“Conversations can get you into weird spaces.” –Judah Smith

A while ago I joined a new Facebook group, which shall remain nameless. I’ll just say this: many old friends were a part of it and it was fun, initially, to reminisce about the past and talk about the old trouble we got into.

But that’s when I got weird.

I don’t know how to explain it, except to say that this group became like a séance—the channeling chant of a clairvoyant—and from somewhere buried deep within the remains of my soul, my fifteen-year-old self was summoned. Girlfriend pounced like a jack-in-the-box.

It was as if the past twenty years in which I’ve married and mothered, ministered and matured, no longer mattered. The resurrected teenager in me desperately wanted the approval of this group. So I began “liking” almost every comment on the page, even if I didn’t necessarily agree with it or find it amusing. I joined in with the others’ venting about life. (Some of which I meant, but wisdom usually keeps me from ever doing that online.) I was literally living the adult version of If all of your friends jumped off a bridge, would you?

Evidently I would.

After a few days of this, I finally attempted to regain some of that aforementioned wisdom. I went back through the conversational threads and deleted most of my comments, at least the flippant ones, and un-liked posts and memes I had previously liked. But then that action made me feel insecure—What if people think I’m wishy washy?—so I’d repost or relike all over again.

Like I said, I got weird. Apparently when my teenage inadequacy and shame show up, they do so with flair. After a few days of this fickle behavior, I became angry. Even though I should be well beyond teenage drama, there remains a part of me that still needs the endorsement of certain crowds. I hate that those longings tend to impede my freedom and confidence in Christ—the freedom I have just to be who he created me to be.

Eventually, after enlisting my husband and friends to pray for me, I removed myself from the group. Which, admittedly, threw me into another round of anxiety: what will they think of me now that I’ve left? Not that anyone is paying that much attention. No one is thinking about me as much as I am.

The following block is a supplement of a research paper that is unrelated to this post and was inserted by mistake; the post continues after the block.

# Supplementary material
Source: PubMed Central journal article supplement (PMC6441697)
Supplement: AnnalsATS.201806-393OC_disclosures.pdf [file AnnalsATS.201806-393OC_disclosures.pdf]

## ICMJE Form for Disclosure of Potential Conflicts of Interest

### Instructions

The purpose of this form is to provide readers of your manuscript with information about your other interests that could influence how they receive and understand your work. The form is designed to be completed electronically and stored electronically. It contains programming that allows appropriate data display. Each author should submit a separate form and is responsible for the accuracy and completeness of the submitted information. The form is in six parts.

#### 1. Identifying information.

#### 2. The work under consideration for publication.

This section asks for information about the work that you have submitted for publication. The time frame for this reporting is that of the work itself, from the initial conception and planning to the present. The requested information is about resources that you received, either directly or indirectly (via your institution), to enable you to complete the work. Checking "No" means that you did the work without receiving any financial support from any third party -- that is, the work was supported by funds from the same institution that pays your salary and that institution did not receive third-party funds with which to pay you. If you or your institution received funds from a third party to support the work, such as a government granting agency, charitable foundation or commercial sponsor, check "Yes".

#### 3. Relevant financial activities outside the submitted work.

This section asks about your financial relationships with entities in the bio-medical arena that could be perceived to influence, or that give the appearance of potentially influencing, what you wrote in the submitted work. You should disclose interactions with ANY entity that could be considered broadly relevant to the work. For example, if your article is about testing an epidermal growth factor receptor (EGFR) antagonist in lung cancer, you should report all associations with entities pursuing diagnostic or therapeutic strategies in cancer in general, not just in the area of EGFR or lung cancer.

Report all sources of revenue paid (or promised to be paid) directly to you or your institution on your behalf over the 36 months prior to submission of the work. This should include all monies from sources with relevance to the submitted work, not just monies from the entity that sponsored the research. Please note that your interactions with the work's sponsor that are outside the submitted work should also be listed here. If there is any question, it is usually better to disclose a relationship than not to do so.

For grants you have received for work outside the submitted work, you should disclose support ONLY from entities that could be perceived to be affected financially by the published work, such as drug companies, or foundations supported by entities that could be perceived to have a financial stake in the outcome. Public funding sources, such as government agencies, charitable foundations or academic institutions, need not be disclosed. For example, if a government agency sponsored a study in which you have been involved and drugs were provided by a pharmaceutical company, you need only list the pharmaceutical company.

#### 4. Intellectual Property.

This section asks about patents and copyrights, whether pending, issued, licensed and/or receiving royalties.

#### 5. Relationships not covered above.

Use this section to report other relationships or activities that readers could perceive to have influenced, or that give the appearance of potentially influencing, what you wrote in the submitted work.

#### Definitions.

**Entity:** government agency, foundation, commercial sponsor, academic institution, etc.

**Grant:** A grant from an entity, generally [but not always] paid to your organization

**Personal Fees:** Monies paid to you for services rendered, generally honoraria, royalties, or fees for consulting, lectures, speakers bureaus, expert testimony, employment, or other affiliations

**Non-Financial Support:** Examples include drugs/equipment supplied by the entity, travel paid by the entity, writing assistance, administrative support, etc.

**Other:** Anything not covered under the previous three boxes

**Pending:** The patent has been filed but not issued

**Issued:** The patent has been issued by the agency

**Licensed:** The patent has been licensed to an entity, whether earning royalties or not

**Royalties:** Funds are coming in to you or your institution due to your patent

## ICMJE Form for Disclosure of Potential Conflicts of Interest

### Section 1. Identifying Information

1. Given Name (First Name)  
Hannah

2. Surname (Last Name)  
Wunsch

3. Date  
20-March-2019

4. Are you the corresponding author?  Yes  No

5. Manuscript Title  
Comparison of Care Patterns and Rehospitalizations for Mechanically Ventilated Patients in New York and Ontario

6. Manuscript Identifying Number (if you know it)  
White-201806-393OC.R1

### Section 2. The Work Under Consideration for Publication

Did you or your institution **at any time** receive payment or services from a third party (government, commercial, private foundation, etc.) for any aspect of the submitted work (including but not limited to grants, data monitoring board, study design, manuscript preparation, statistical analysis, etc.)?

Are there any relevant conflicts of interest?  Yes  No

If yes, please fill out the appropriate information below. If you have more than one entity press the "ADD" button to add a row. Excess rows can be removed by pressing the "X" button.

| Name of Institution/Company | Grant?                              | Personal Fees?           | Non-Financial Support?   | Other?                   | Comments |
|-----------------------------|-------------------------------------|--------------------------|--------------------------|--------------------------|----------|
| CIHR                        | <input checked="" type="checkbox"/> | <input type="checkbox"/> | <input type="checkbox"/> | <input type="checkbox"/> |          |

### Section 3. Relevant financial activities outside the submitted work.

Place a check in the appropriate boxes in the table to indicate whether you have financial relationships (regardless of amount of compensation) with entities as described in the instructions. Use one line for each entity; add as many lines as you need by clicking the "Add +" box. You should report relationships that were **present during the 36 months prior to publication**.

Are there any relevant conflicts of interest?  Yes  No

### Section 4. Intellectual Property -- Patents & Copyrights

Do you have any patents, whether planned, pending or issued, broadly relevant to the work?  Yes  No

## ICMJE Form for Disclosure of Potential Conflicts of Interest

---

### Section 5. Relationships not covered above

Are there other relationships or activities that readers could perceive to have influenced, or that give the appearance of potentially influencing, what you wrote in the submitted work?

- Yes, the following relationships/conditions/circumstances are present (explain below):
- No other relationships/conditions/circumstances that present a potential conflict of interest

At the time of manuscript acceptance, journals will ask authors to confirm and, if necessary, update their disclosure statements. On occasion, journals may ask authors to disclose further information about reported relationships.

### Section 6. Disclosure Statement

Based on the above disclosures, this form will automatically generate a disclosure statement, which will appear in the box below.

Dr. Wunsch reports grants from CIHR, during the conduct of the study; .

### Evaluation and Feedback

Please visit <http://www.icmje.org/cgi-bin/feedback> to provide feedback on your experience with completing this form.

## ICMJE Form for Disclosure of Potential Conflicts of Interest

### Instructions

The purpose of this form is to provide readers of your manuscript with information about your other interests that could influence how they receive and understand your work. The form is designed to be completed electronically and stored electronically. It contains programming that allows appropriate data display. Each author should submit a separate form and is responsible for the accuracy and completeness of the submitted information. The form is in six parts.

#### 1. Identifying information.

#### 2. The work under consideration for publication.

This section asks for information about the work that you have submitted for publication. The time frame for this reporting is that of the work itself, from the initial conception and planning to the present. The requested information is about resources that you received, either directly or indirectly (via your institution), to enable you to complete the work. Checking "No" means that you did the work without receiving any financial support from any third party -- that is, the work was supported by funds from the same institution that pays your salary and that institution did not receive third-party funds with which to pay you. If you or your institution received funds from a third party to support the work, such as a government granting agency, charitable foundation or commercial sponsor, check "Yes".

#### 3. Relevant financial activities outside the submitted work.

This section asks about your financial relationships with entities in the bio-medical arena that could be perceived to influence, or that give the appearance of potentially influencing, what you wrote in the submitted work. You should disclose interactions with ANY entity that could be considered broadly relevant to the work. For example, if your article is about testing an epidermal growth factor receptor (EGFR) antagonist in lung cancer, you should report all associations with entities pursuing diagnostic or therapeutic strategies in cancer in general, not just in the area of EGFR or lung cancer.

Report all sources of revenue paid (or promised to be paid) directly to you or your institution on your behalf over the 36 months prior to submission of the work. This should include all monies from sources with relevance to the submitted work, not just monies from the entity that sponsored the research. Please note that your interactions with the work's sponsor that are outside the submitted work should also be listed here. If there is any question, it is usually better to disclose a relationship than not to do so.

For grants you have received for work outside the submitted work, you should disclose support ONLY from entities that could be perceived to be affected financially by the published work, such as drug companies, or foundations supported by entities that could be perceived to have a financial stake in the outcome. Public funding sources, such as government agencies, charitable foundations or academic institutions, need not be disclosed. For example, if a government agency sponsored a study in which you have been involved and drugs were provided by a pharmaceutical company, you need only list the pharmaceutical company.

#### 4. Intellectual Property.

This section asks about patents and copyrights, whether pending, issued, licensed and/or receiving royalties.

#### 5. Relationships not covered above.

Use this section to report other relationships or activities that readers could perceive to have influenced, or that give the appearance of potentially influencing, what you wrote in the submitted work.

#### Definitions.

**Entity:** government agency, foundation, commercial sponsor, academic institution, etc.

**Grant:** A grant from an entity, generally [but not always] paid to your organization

I’m a few years away from turning forty, and have lived nearly four decades as a follower of Jesus. I know that if we’re not careful, our tendency is to create God in our image, and I never want to do that. But I’d be lying if I said there aren’t days when, even if it’s just for a little while, I need God not to be Great. Not to be Almighty. Not to be Immeasurable. Sometimes I need God to be my high school boyfriend. I need him to ride up to me on his skateboard, grab my hand, carry my backpack, and walk me home. I need him to tell me that he knows the real me.

I need him to hang out with me until dark and then talk with me under the stars for a while; rearrange them so they spell out something secret, something only the two of us understand. Something that reminds me, “This insecure version of you that remains—I will never stop loving her. I’m overcoming her shame too. So don’t you give up on her.”

I want to rest there, not forever, but just a bit. Under the stars, hand in hand with God and the fifteen-year-old in me that still needs some tender attending to now and then.

Aubrey Sampson
Aubrey Sampson is the author of The Louder Song: Listening for Hope in the Midst of Lament (NavPress/Tyndale, 2015) and Overcomer: Breaking Down the Walls of Shame and Rebuilding Your Soul (Zondervan, 2015). She and her husband and three sons are church planters in the Chicago area, where Aubrey serves on the preaching team and leads discipleship and equipping. As a writer and speaker, Aubrey offers incredible perspective in the midst of trying experiences. She is also a regular contributor to Propel Women and is part of the Propel Cohort at Wheaton College. Find and follow Aubrey @aubsamp and www.aubreysampson.com.
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